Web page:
When attending in Geneva the conference about women as wine consumers in Europe, I was surprised by a finding common to all women in every country: the first criteria to buy a wine was the varietal, even before the price or the origin. This is a very “un-European” attitude as the European wine traditions are based on origins more than on varietals.
I do remember a funny incident happening in a Paris wine store owned by a typical middle-aged man. I walked in and asked him a bottle of viognier. The man looked at me puzzled for a few seconds and answered: “You mean, a bottle of Condrieu?” My turn to be puzzled: “Viognier is grown in other parts of the world besides Condrieu. I drank a very good viognier in California.” I’ll spare you the long discussion on the merits of viognier from other origins besides Condrieu!
What could be the explanation? Without being really “new” consumers, women are newer in wine buying than men. They might have a different wine culture acquired through word of mouth and tasting: women are known for their practical mind and fine tasting buds! But certainly closer to reality is the fact that varietals are easier to understand and master than origins. After all Cabernet is available in many places worldwide but will be so different from one place to an other. That’s what makes international drinking so fascinating: I love to buy 3 or 4 bottles of wine from different origins but of the same grape to taste and compare the differences. It’s like drinking the culture of an other country and traveling in your living room!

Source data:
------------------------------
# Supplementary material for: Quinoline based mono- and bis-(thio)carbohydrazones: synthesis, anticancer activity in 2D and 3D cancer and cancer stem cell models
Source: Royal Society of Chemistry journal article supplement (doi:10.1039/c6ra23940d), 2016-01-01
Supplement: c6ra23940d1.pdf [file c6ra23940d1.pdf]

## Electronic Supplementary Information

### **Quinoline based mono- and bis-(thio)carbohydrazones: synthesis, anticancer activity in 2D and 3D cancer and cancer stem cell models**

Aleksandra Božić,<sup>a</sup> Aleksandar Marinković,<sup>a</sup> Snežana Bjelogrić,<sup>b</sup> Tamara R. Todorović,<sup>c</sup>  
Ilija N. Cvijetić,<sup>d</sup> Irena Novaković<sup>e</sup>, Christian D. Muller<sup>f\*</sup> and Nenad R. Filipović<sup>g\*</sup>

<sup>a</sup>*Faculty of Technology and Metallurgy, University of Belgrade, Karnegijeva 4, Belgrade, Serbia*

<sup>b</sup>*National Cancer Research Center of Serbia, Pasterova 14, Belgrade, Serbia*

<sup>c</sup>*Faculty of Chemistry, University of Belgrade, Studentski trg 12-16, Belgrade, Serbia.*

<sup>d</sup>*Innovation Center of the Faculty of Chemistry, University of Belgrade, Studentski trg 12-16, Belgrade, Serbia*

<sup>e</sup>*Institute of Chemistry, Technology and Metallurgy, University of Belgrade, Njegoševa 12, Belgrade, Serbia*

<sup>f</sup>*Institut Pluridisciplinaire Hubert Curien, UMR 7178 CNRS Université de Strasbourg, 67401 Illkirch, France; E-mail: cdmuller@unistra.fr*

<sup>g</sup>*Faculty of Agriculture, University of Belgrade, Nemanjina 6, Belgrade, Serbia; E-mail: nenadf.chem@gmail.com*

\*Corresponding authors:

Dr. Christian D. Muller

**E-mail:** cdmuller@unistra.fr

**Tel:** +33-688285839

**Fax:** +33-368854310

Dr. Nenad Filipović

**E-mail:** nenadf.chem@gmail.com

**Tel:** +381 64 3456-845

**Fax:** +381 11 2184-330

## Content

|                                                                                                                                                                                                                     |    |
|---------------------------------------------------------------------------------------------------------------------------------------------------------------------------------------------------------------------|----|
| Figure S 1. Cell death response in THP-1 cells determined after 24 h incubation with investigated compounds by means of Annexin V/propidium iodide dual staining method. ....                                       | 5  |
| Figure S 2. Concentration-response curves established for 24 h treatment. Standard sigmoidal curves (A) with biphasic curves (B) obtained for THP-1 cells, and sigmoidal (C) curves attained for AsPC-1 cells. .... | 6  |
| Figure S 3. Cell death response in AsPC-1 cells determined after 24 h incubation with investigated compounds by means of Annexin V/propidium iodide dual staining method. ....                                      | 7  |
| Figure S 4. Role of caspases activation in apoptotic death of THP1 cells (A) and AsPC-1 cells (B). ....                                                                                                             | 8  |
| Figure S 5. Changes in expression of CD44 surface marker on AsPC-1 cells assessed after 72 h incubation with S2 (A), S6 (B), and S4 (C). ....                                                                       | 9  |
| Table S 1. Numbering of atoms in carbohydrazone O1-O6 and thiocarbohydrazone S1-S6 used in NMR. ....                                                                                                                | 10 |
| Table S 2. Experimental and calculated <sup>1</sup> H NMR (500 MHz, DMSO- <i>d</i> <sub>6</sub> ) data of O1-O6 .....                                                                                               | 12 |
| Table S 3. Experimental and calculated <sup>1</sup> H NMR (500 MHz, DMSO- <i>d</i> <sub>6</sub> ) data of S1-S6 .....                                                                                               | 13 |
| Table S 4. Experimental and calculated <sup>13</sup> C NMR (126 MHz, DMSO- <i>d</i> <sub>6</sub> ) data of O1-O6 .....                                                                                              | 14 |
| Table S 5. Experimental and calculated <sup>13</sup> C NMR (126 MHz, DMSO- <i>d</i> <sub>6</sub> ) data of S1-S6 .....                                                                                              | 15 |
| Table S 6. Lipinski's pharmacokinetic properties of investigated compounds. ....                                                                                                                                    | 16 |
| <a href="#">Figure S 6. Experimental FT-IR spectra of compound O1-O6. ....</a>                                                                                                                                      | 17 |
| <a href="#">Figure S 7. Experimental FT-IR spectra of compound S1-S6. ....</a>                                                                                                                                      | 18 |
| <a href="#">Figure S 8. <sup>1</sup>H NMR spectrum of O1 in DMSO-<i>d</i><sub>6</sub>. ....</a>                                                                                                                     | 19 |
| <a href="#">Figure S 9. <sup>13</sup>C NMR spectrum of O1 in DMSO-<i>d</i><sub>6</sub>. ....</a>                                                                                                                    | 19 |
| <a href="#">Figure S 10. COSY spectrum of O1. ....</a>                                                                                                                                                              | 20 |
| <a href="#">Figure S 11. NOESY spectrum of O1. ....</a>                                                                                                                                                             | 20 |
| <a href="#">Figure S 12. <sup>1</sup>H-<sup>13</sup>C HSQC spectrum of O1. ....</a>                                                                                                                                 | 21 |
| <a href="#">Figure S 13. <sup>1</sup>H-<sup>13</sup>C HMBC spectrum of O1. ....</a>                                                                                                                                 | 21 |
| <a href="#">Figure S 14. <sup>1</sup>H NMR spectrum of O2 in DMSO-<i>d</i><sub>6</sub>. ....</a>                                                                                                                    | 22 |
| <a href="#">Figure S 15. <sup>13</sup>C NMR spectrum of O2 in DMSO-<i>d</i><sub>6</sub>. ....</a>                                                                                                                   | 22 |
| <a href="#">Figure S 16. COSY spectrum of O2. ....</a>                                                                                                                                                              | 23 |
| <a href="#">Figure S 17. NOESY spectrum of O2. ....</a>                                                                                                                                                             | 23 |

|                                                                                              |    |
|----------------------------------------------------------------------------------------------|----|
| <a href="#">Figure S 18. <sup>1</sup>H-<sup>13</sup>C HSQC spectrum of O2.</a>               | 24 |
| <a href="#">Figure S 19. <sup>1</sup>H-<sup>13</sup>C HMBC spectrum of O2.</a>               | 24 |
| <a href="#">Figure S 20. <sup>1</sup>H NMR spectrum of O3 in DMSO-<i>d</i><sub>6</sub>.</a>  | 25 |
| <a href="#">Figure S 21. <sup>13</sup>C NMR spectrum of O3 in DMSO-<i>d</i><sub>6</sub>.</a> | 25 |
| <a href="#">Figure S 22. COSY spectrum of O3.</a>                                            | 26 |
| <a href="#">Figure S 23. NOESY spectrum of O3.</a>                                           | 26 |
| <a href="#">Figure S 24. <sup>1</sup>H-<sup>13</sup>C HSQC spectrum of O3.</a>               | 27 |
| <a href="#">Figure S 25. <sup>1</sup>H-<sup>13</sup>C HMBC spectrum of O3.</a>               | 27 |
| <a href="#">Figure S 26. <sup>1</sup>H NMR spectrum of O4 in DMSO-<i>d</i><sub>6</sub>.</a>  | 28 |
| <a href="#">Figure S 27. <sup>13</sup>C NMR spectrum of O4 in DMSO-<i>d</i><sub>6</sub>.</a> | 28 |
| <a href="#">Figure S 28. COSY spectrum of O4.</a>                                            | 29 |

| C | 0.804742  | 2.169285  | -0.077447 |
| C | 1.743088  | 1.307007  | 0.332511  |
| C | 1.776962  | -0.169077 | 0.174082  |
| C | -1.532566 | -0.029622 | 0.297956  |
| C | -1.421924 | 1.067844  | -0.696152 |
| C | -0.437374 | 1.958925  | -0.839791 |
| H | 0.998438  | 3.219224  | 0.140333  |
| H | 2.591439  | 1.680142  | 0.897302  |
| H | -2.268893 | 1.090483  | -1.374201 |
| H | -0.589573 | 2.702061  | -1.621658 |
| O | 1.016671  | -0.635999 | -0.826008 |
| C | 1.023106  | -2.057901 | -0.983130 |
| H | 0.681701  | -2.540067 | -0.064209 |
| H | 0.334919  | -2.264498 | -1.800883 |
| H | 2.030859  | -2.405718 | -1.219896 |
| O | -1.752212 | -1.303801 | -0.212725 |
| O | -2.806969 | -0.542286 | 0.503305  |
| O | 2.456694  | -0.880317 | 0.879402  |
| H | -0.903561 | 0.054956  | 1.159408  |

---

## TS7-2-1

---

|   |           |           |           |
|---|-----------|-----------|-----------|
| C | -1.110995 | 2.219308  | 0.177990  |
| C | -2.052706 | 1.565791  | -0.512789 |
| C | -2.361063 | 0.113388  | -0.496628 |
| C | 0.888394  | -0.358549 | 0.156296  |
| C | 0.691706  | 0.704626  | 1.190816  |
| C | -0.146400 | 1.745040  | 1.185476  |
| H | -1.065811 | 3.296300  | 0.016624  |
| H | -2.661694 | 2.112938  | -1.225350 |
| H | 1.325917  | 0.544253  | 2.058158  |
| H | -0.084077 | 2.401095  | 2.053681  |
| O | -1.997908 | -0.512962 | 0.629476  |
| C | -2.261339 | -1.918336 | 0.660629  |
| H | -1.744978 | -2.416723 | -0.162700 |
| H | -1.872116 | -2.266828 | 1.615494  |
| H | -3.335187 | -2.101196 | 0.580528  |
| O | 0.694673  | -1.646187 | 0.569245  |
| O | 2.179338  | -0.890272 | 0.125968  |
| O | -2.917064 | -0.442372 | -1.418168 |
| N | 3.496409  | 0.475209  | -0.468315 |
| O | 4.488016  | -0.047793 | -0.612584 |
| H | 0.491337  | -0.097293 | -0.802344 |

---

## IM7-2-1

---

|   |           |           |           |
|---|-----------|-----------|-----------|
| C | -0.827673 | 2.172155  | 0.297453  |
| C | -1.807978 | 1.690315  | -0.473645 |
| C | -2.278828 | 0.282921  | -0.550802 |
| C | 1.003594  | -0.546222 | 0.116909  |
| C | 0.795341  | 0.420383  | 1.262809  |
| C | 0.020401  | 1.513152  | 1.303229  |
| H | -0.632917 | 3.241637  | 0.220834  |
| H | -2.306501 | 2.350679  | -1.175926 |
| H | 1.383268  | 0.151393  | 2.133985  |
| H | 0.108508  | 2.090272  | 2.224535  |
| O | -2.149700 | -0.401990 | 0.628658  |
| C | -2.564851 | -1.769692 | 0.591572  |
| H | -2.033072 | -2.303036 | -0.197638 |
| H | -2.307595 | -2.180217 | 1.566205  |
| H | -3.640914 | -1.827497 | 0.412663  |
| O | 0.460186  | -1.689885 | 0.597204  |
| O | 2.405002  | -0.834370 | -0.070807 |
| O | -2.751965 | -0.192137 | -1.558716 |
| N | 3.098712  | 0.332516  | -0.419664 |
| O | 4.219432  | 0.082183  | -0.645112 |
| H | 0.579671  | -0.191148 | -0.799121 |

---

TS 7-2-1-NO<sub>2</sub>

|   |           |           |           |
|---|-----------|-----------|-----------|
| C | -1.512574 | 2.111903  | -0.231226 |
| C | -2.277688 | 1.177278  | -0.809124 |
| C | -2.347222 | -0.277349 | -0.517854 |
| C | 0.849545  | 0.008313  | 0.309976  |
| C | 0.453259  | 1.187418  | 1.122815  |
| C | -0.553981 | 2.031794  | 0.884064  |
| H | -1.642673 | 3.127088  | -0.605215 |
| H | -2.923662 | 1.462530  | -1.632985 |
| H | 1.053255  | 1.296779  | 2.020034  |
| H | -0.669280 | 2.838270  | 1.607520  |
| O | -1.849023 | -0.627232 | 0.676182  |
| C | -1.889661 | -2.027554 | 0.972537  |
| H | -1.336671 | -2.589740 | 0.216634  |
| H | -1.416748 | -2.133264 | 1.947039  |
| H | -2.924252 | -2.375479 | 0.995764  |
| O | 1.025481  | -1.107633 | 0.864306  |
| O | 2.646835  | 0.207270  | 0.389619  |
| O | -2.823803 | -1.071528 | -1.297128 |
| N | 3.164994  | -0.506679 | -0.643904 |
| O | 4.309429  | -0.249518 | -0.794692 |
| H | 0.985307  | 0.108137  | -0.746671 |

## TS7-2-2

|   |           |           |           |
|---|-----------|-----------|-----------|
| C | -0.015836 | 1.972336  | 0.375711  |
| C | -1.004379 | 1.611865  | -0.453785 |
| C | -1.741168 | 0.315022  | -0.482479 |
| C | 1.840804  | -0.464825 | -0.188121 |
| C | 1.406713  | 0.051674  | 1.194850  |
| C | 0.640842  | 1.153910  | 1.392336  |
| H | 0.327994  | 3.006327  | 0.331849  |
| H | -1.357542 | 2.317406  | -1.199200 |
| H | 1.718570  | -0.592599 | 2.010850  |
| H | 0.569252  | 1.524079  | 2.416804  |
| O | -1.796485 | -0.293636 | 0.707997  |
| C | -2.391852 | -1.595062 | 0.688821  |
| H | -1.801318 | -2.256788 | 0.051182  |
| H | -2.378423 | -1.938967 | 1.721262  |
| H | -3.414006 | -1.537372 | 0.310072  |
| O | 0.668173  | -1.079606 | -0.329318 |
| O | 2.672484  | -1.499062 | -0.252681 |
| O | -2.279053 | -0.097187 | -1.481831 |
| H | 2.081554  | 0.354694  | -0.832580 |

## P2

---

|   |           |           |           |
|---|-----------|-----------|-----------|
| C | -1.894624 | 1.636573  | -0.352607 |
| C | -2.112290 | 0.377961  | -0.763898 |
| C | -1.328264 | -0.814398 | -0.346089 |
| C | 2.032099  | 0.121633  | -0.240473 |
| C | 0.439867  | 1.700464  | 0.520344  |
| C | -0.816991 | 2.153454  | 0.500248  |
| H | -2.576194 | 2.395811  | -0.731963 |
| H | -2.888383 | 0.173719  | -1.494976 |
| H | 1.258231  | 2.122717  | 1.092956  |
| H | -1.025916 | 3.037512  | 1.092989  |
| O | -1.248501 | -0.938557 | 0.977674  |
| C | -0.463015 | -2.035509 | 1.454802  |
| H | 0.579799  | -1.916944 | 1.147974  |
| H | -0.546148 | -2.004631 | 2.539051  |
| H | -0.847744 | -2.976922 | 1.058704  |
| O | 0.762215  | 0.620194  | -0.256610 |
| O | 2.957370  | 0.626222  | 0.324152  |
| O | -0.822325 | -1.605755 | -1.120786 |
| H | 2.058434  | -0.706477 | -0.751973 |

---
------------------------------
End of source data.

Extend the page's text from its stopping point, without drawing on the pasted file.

Does it mean varietal wines are a new international trend? It could be. I saw a few days ago in a French supermarket a “collection” of varietal wines in half bottles – as if the wine maker wasn’t quite sure of his wine “saleability”. Price was reasonable and quality acceptable. Did he understand the future of the wine industry or is he surfing on a new trend? Europeans are always slow to catch up in the new trends: for 20 years, the “New World” sold varietal wines but is now working on analyzing the “terroir” of their wines. In California, Gallo created his line of Sonoma wines at a much higher price than his mass market brands, explaining to consumers that the Sonoma wines are crafted in the respect of their origins. Europeans are now jumping in the “varietal wagon” that is so loose in the New World and rejecting what was their signature for centuries, the origin of the wine. Who is right? Who is wrong? Future will tell us!